Finding Planning time is difficult when you are chasing work in a competitive economy, and nearly impossible when you are booked to capacity. Regular short financial checkups are not enough to ensure your financial health, but performing a thorough annual comprehensive exam may uncover symptoms and prevent financial disease from becoming terminal.
A regular review requires concentration, so get away from the daily routine of the office. Make sure that you have the necessary data and reports prepared well before your review session. Include key employees, family members with an ownership stake in the company, and professional advisers who will be a source of creative ideas and critical thinking. Here are some key areas to cover, and a few questions to stimulate your thinking, as you make your annual P.L.A.N.S.
Critique all projects by reviewing cost and profit data for each. Analyze or graph the figures by customer, market niche, type or size of job and any other criteria you choose. Where do you make the most money: residential, commercial or industrial work? How well do you work with general contractors, construction managers or owners? Are you more efficient and effective on design/build or traditional design/bid/build jobs?
Which customers demand the most service: the most profitable or the least? Who pays you the fastest and without prodding? You may find that the 80/20 rule applies here: you spend 80 percent of your effort serving 20 percent of your client list. This is the time to let high maintenance customers go and refine your list to retain only those who enable you to make a decent profit.
How much debt are you carrying and how is it structured? Do you use credit lines for short-term needs and mortgages for facilities support? Are you intending to support planned growth from earned profits or external sources of credit? How much risk are you willing to take to acquire new work?
Do you need to grow the company or downsize and become more selective about your work and the way you finance your assets? Are your security systems well organized and complete and your legal exposure controlled and minimized? What policies and procedures need to be revised or added?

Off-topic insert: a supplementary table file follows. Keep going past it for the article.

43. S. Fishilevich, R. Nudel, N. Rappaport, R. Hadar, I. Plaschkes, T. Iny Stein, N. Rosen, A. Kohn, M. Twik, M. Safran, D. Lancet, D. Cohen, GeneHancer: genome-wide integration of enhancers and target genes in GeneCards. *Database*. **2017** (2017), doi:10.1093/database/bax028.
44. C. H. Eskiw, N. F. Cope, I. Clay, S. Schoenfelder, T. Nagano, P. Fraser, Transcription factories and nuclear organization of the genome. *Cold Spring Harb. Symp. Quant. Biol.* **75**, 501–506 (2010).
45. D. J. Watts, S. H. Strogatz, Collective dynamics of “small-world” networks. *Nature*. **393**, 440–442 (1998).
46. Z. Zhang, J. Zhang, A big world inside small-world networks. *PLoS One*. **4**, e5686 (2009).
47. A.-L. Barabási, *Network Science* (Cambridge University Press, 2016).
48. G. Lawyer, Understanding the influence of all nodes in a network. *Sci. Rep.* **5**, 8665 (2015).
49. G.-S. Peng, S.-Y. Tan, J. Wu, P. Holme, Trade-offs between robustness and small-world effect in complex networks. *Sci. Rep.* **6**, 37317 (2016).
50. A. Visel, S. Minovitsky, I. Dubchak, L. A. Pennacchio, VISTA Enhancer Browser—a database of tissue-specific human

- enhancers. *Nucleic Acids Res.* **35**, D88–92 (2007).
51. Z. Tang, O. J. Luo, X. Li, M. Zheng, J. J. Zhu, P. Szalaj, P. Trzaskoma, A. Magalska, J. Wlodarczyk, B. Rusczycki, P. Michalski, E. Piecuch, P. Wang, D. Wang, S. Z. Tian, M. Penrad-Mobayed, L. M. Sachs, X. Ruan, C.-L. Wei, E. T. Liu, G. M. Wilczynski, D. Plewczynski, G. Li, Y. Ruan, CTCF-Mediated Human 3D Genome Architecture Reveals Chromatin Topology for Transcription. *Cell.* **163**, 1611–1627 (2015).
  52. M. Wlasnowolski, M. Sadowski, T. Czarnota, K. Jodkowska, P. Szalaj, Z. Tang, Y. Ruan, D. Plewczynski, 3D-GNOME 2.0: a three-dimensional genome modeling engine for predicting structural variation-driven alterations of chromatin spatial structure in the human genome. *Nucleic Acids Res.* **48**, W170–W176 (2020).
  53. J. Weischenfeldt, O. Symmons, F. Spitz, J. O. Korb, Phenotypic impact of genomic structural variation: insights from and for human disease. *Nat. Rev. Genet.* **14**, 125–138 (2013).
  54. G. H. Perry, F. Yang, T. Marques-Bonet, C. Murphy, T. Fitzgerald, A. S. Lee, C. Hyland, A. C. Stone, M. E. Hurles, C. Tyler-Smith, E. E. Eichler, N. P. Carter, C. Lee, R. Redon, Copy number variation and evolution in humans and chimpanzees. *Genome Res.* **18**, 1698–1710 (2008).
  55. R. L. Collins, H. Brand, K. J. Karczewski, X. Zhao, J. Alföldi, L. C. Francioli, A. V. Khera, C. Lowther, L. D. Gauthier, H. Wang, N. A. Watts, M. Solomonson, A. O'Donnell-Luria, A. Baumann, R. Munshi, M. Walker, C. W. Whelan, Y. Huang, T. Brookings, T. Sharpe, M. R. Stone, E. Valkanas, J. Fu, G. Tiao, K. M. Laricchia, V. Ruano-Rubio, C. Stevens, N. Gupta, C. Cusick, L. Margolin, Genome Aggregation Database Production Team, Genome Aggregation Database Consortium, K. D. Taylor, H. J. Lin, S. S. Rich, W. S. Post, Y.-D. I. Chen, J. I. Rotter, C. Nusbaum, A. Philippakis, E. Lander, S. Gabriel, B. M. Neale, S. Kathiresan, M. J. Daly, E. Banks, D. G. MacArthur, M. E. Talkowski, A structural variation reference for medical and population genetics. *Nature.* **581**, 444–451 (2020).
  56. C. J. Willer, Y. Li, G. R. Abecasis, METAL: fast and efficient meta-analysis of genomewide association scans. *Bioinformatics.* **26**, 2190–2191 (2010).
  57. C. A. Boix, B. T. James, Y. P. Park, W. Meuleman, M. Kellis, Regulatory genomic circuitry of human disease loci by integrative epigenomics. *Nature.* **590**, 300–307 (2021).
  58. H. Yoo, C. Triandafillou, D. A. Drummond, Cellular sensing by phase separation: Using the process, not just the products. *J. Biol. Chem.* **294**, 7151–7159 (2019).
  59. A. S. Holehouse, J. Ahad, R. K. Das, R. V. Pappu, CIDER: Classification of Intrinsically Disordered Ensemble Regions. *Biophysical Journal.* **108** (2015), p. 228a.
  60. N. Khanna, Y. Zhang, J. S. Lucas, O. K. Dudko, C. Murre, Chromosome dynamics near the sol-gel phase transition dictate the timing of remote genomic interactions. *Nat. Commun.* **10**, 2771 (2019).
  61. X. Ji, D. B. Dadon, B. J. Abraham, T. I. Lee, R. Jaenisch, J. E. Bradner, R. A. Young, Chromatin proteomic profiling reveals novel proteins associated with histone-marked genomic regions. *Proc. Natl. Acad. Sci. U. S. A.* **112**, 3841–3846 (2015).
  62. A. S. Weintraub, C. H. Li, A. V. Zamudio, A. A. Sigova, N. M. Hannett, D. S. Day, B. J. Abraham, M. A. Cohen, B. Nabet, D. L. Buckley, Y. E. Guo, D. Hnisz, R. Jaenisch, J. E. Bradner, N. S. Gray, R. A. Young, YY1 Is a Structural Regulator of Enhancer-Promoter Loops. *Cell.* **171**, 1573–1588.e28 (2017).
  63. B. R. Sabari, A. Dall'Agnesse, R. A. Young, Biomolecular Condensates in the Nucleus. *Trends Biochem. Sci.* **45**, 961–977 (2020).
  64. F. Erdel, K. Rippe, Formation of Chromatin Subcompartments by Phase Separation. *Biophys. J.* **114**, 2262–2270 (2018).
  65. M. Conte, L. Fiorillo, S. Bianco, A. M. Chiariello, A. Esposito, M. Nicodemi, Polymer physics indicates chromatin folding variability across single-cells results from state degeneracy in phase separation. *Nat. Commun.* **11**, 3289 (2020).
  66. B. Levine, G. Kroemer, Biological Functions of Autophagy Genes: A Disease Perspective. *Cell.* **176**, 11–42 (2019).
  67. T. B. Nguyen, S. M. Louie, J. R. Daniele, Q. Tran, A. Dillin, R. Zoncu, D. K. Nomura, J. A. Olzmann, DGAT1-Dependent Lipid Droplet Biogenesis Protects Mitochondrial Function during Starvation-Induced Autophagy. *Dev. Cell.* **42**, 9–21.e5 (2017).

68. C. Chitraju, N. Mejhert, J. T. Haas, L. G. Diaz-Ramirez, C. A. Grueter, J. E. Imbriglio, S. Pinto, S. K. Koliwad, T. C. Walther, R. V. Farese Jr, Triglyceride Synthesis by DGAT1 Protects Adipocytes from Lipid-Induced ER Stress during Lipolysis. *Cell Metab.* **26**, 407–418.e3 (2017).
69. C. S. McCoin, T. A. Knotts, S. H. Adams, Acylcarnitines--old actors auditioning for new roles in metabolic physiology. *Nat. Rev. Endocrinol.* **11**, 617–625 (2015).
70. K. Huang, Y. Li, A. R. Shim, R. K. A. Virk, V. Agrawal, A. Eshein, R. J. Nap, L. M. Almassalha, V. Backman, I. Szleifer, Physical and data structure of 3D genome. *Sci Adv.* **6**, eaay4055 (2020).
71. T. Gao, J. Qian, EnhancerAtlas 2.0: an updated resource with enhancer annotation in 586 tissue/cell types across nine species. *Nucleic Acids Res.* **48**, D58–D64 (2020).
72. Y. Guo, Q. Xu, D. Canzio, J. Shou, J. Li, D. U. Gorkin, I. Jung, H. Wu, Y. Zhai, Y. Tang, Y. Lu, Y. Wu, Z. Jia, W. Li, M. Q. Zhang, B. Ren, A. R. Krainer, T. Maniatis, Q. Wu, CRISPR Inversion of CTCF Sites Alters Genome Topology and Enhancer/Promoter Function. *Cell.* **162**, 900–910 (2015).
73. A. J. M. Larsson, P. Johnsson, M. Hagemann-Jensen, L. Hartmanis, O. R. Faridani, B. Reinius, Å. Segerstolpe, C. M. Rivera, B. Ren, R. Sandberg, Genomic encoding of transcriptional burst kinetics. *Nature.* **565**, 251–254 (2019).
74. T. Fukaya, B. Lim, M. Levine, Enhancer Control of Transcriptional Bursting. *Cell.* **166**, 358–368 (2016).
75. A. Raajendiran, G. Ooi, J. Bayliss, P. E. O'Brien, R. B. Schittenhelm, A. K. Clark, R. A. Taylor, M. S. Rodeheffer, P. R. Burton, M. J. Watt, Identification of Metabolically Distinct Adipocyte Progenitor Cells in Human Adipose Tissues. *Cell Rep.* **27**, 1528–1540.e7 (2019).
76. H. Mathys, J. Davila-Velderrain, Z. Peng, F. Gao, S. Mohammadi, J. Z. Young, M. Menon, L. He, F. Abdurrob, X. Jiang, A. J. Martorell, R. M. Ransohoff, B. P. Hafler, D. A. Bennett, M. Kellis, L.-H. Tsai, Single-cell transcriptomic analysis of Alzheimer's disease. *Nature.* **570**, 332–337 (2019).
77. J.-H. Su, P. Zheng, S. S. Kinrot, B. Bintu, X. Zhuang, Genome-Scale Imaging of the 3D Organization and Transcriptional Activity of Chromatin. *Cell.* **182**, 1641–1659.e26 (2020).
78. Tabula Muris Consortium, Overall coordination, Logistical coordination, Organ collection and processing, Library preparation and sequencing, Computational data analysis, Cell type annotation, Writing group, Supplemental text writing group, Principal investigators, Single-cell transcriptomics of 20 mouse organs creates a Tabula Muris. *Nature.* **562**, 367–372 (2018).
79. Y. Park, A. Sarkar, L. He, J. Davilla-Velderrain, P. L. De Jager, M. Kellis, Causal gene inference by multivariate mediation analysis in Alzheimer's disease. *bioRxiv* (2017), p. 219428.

What do you own outright, and when will these assets need to be replaced? Will you continue to own your vehicles, equipment, office space and property, or will you lease, rent or share fixed assets, tools or trucks when appropriate and cost effective?
Do you have people or equipment that are not currently productive? Are your assets functioning to support the kinds of projects you are currently performing? If not, are you willing to invest in replacing them or training them? Are they properly catalogued, protected and managed?
How can you become more efficient, do more with less, organize and track sensibly, and control the impulse to accumulate unnecessary “stuff”? Make sure everything you own and everyone you employ is working for you instead of draining cash.
What changes are occurring in the marketplace, and how will new technologies affect the kinds of projects you will perform in future years? Are you a buggy whip manufacturer in a world of automobiles, or do you emphasize flexibility and fluidity as your build your skills, resources and knowledge base throughout the company? What new niche will be the best fit for your employees without straining your capacity or taking resources from profitable existing work?
How will you manage the learning curve and the new clients without neglecting your existing ones? What steps will you take to maintain your most profitable relationships and meet the changing needs of your best existing customers?
Now, envision the future. Ask yourself the questions that you may have been avoiding: When will you retire or sell out? Who will run the business when you are gone?
Think about what you have done to make sure you have “bench depth” on your team, so that the termination or resignation of key people will not cripple your ability to complete ongoing obligations. What will be the legacy of your company? Do you see a time when the company may no longer exist?
These are tough questions, and most business owners never start, much less complete, such an extensive planning and strategizing session. It is difficult to find the time, the courage and the perspective to take such an honest look at your current strategy, financial health and future potential.
The preventive annual exam will not guarantee perpetual success, but avoiding the process only makes it easier to ignore potential problems.
Architect Daniel Burnham’s famous advice is, “make no small plans.” His legacy is the grand vision of the Chicago lakefront. Are your P.L.A.N.S. equally grand? EC
NORBERG-JOHNSON is a former subcontractor and past president of two national construction associations. She may be reached via e-mail at email@example.com.